Domo Genesis Says Odd Future Are Much Nicer Than Everyone Thinks

Domo GenesisEXPAND
Domo Genesis
Photo by Carrington Scott

When your crew’s credo is “Kill people, burn shit, fuck school,” it’s easy to give off the wrong impression.

During the Odd Future ascendency of 2010, the misinformation levels reached heights eclipsed only by North Korean dictators. But rather than golfing a 34, the Golf Wang comrades allegedly advocated homophobia, sexual assault, cannibalism and a grotesque revival of tie-dye.

Aside from OFWGKTA’s fondness for psychedelic socks, none of the accusations were valid. The hip-hop collective had merely mastered Internet media manipulation and how to stoke false controversies, receiving free publicity unseen in rap since Eminem stuffed his first fictional body in a trunk.

The truth was more complex. The crew contained two openly LGBT members. Some did drugs, some stayed sober. Some screamed “666,” some attended reform school in Samoa, and others were Good Samaritans for the swag era.

“Public perception is funny. They thought we were just some crazy rude motherfuckers kicking people’s mailboxes over,” Domo Genesis says with a laugh, smoking Backwoods at Babylon, the skate shop owned by Odd Future–affiliated hardcore band Trash Talk. The die-hard Lakers fan rocks a throwback Kareem Abdul-Jabbar jersey, black pants, Nike Dunks and a snapback. In the backyard, teenagers glide back and forth on the store’s half-pipe.

“We wasn’t even like that,” Domo continues, alternately playing PS3 and crooning the “Ignition Remix.” “All the videos of us going crazy in the front yards of people’s houses? When the video was over, we were like, ‘Yo sorry!’”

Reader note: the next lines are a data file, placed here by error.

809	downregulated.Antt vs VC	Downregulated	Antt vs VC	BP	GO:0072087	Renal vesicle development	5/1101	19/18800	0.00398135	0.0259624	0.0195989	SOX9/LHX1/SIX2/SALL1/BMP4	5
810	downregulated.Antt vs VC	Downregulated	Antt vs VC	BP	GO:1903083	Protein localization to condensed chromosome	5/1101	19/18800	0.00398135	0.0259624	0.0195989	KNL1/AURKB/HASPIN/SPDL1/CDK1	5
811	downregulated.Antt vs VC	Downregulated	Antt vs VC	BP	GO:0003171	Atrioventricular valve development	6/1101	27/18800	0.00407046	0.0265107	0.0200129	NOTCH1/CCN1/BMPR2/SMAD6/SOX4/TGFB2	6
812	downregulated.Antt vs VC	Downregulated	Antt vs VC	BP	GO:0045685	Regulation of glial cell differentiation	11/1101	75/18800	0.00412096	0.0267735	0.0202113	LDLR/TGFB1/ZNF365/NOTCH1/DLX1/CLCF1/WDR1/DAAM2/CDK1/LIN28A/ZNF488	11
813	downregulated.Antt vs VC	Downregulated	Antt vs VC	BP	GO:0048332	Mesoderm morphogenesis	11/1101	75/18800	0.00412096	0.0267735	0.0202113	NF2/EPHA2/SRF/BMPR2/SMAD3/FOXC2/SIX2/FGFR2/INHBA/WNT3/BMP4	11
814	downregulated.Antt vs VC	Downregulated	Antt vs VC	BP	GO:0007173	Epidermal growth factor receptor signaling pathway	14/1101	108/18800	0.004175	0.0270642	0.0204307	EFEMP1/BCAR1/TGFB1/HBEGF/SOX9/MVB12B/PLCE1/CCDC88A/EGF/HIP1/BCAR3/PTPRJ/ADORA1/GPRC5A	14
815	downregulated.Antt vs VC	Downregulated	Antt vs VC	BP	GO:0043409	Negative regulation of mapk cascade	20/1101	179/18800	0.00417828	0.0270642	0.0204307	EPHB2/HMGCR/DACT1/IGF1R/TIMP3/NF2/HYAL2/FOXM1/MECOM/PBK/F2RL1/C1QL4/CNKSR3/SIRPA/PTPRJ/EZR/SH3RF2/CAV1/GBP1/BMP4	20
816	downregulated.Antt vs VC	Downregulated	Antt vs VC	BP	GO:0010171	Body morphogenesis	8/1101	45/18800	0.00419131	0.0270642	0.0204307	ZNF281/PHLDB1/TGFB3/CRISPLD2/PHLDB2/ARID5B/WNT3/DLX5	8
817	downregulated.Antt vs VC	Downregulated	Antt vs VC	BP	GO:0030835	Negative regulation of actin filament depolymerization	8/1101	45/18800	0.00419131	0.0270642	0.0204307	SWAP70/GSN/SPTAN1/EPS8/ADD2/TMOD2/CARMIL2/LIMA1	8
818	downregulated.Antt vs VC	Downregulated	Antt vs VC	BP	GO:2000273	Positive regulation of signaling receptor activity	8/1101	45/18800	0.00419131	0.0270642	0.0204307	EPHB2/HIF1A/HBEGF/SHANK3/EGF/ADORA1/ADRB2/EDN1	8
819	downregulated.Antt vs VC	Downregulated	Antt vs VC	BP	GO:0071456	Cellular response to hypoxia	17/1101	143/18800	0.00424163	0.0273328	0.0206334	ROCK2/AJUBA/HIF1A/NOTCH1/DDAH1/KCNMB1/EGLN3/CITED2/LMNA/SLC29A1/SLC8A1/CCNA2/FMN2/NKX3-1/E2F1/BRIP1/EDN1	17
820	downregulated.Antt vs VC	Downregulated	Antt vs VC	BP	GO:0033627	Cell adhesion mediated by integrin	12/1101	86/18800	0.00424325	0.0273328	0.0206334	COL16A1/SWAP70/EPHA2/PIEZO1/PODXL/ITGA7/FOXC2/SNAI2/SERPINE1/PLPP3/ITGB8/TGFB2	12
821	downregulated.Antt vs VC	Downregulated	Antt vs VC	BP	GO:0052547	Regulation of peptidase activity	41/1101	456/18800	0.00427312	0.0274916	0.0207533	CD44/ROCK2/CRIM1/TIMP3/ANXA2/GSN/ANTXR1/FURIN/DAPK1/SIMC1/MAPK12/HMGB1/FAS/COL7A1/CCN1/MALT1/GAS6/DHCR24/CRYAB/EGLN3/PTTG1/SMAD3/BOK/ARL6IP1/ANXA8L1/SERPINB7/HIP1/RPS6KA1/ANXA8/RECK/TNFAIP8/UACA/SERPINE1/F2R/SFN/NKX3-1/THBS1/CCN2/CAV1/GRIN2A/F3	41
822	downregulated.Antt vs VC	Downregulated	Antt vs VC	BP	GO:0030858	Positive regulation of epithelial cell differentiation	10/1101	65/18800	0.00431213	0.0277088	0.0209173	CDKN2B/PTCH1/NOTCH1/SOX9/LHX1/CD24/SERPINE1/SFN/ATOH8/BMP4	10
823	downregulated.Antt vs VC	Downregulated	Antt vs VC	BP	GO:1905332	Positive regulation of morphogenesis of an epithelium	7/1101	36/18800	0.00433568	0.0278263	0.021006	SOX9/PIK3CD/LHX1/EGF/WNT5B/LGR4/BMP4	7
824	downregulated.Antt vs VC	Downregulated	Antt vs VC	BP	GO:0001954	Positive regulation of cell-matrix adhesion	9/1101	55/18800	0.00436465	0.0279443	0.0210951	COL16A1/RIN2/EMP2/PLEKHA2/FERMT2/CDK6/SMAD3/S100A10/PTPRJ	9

To many fans, Odd Future remain eternal enfants terribles — yet Genesis never fit that stereotype. He’s the first to admit how bizarre it is that he just turned 25.

“I’ll walk out a store, look at an old lady with a basket full of groceries or trying to pump gas, and be like, ‘Oh, you need help with that?’” the Westchester High grad says, describing his current life in Culver City.

He was the Arizona State stoner who only realized that a music career might be a viable option after hearing his Tyler, the Creator–produced debut, Rolling Papers, bumping in the dorms. It remains a high point of the first wave of Odd Future solo records, a breezy blunt cruise singing the praises of smoke, sex and cereal — a welcome addition to the weed-rap canon.

The erstwhile Dominique Cole followed it up with a pair of mixtapes, a full-length collaboration with Alchemist and an album with his OF brethren MellowHype. But last month’s Genesis feels like the introduction of the second phase of Domo’s career.

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Without sacrificing his laid-back, genial charm, it exhibits a more contemplative streak — analyzing his missteps as well as offering thanks for his good fortune. He blends neo-soul with narcotic haze, recruiting Anderson .Paak, Wiz Khalifa, Juicy J, Mac Miller and Tyler into his cypher. In the process, he asserts himself as a new model for the modern stoner.

If the weed rap of the previous generation aspired to soundtrack the old-school, bong-rips-and-potato-chips archetype, Domo represents a world where marijuana culture and mainstream culture are practically indistinguishable. He’s a meditative, vegetarian, video game–playing gentleman who happens to rap very well. He still smokes daily, but it doesn’t consume his identity. His youthful nihilism has morphed into cautious positivity.

“It’s just grown from us being so innocent, saying we didn’t care, to me really caring now,” Genesis says. “I give a fuck about how other people’s days are going, from the biggest to the smallest — like when I step into the gas station and the attendant helps me, I’m like, ‘Yo, have a good day.’ I can’t explain what changed ... I just know I see things differently now.”

An L.A. native, Jeff Weiss edits Passion of the Weiss and hosts the Shots Fired podcast. Find him online at

More from Jeff Weiss:
O.C. Rapper Phora Has Nearly Been Murdered Twice, But His Music Stays Positive
L.A. Is in the Midst of a Funk Renaissance

How Filipino DJs Came to Dominate West Coast Turntablism

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